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In summary, the conversation discusses the difficulty in finding good books on writing proofs and other math topics outside of the curriculum for an ME major. The speaker has purchased a book on writing proofs but lacks solutions for the exercises and is seeking feedback since they are self-taught. They also mention looking for good books on PDEs, analysis, and complex analysis. Other participants in the conversation recommend looking into Springer Undergraduate Mathematics Series, which have solutions for all exercises, but some versions may not have solutions. It is suggested to check the Table of Contents before purchasing to ensure a solutions section is included.

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Bingo said:

I learned how to write proofs while reading an "easier" kind of Topology textbook. A lot of people are intimidated and never take Topology, but there really is nothing to fear. You're dealing with sets basically. It will help with Analysis as well.

Anyways, they have many simple proof problems anyone can solve. It helped me build the logic and such required to write a proof. It's not all about deducing, but knowing what's concrete and such.

Also, Analysis has a lot of proofs too, but I'm not aware of any having solutions at the back of the book though. So, I don't know what to say there.

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Springer have a series of accessible undergrad books (Springer Undergraduate Mathematics Series, or SUMS) with answers to all the exercises. My recommendation is to see if your school's library has copies on hand, or look for used ones. Although new copies aren't as expensive as most textbooks.

In fact, http://www.springer.com/west/home/math/algebra?SGWID=4-10043-580-173622659-DISPLAY_TYPE=DISPLAY_TYPE_TITLES&RESULTS_PER_PAGE=10&resultStart=0 [Broken] is the list of all books in that series.

In fact, http://www.springer.com/west/home/math/algebra?SGWID=4-10043-580-173622659-DISPLAY_TYPE=DISPLAY_TYPE_TITLES&RESULTS_PER_PAGE=10&resultStart=0 [Broken] is the list of all books in that series.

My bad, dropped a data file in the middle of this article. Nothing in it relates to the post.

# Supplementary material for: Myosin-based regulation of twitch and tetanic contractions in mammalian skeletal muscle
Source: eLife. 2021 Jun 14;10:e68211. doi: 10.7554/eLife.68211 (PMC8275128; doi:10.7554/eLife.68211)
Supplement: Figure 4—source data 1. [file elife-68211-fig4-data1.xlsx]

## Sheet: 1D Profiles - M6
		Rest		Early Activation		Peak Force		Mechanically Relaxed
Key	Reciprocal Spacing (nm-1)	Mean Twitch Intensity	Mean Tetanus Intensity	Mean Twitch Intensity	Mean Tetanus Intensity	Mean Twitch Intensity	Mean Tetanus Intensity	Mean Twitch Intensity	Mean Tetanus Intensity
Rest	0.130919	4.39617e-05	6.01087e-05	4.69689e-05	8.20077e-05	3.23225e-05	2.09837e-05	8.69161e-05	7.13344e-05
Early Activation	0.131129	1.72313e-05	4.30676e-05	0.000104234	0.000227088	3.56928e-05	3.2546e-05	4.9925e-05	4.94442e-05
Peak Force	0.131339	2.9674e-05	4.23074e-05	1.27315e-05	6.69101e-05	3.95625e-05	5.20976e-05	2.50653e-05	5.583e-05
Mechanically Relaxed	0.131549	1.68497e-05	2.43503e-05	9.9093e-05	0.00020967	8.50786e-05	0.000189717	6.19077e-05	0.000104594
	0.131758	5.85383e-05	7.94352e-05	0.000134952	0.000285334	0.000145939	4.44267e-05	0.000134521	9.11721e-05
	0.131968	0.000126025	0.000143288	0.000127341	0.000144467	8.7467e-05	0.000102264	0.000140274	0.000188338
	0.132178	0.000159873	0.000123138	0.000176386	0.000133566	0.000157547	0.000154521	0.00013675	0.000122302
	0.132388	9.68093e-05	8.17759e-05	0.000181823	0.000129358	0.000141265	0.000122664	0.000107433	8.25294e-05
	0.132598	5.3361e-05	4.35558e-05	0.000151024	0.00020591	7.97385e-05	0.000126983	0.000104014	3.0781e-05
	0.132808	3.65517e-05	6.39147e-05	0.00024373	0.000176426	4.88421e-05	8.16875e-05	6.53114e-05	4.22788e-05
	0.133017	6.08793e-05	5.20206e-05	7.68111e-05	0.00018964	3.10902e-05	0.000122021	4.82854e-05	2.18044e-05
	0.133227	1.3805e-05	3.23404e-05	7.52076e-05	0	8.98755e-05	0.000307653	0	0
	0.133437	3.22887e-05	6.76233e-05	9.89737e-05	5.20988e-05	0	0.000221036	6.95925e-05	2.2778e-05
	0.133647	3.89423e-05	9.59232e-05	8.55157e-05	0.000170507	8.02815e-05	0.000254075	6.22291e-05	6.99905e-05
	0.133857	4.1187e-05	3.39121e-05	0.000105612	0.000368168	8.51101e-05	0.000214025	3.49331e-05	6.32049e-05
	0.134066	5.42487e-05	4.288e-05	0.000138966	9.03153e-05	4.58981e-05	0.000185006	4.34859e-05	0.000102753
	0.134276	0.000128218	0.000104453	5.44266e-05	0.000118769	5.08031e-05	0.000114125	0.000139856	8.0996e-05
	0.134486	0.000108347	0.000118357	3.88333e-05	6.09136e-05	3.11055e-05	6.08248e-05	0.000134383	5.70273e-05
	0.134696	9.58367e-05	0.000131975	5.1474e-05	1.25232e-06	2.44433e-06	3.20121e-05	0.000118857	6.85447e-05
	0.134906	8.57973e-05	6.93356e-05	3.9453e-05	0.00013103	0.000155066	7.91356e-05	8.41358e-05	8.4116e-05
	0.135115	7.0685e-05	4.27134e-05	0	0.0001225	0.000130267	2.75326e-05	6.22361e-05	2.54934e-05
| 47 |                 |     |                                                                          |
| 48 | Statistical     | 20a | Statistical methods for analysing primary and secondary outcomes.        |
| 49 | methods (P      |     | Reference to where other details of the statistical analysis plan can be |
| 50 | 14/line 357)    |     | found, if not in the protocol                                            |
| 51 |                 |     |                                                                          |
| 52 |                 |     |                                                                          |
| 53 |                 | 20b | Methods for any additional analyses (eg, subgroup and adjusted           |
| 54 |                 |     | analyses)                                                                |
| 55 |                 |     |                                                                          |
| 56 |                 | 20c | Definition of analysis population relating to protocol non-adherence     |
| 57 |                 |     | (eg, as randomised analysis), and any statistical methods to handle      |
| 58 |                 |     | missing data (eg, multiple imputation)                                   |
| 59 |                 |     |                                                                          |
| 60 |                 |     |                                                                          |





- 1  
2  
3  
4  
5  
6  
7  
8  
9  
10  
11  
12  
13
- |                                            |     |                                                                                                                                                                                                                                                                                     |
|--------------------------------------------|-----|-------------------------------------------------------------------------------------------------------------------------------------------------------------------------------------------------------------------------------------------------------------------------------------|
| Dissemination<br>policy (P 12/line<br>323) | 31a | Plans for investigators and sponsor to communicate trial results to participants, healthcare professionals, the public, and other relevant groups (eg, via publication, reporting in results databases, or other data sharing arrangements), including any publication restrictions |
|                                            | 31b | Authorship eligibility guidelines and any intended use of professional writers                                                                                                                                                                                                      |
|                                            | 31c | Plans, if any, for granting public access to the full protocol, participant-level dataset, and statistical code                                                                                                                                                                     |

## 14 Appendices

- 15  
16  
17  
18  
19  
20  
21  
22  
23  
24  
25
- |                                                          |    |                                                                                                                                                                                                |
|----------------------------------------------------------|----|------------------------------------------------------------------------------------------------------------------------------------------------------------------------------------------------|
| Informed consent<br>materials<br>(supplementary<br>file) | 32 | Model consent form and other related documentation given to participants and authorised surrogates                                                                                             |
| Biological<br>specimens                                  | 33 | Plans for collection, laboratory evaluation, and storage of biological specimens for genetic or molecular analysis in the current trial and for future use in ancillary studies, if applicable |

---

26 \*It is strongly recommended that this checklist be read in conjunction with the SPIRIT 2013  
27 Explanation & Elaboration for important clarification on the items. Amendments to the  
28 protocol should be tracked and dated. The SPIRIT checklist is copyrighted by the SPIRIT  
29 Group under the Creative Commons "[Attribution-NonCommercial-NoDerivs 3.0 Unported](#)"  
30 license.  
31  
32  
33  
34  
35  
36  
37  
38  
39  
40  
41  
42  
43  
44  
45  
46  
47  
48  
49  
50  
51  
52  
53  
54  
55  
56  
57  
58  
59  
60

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morphism said:

In fact, http://www.springer.com/west/home/math/algebra?SGWID=4-10043-580-173622659-DISPLAY_TYPE=DISPLAY_TYPE_TITLES&RESULTS_PER_PAGE=10&resultStart=0 [Broken] is the list of all books in that series.

I have a textbook from them and have seen others and don't have solutions whatsoever.

Different version maybe?

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I recommend reading the Table of Contents to make sure there is a solutions section before buying it.

Some popular books for self-teaching in science include "A Brief History of Time" by Stephen Hawking, "The Selfish Gene" by Richard Dawkins, "The Origin of Species" by Charles Darwin, "The Elegant Universe" by Brian Greene, and "Sapiens: A Brief History of Humankind" by Yuval Noah Harari.

While these books provide valuable knowledge and insights, they cannot completely replace a formal education in science. They can serve as a supplement to formal education, but it is important to also have hands-on experience and guidance from qualified instructors.

These books vary in their level of complexity, but many of them are written in a way that can be understood by readers with little to no prior knowledge in science. However, some may require a basic understanding of scientific concepts.

Yes, in addition to these books, there are other resources that can help with self-learning in science. Online courses, scientific articles and journals, and educational videos are all great tools to supplement your learning.

While these books cover a variety of topics in science, they may not cover all branches in depth. It is important to choose books that align with your specific interests and goals in science. There may also be other resources that are more specialized in certain branches of science.

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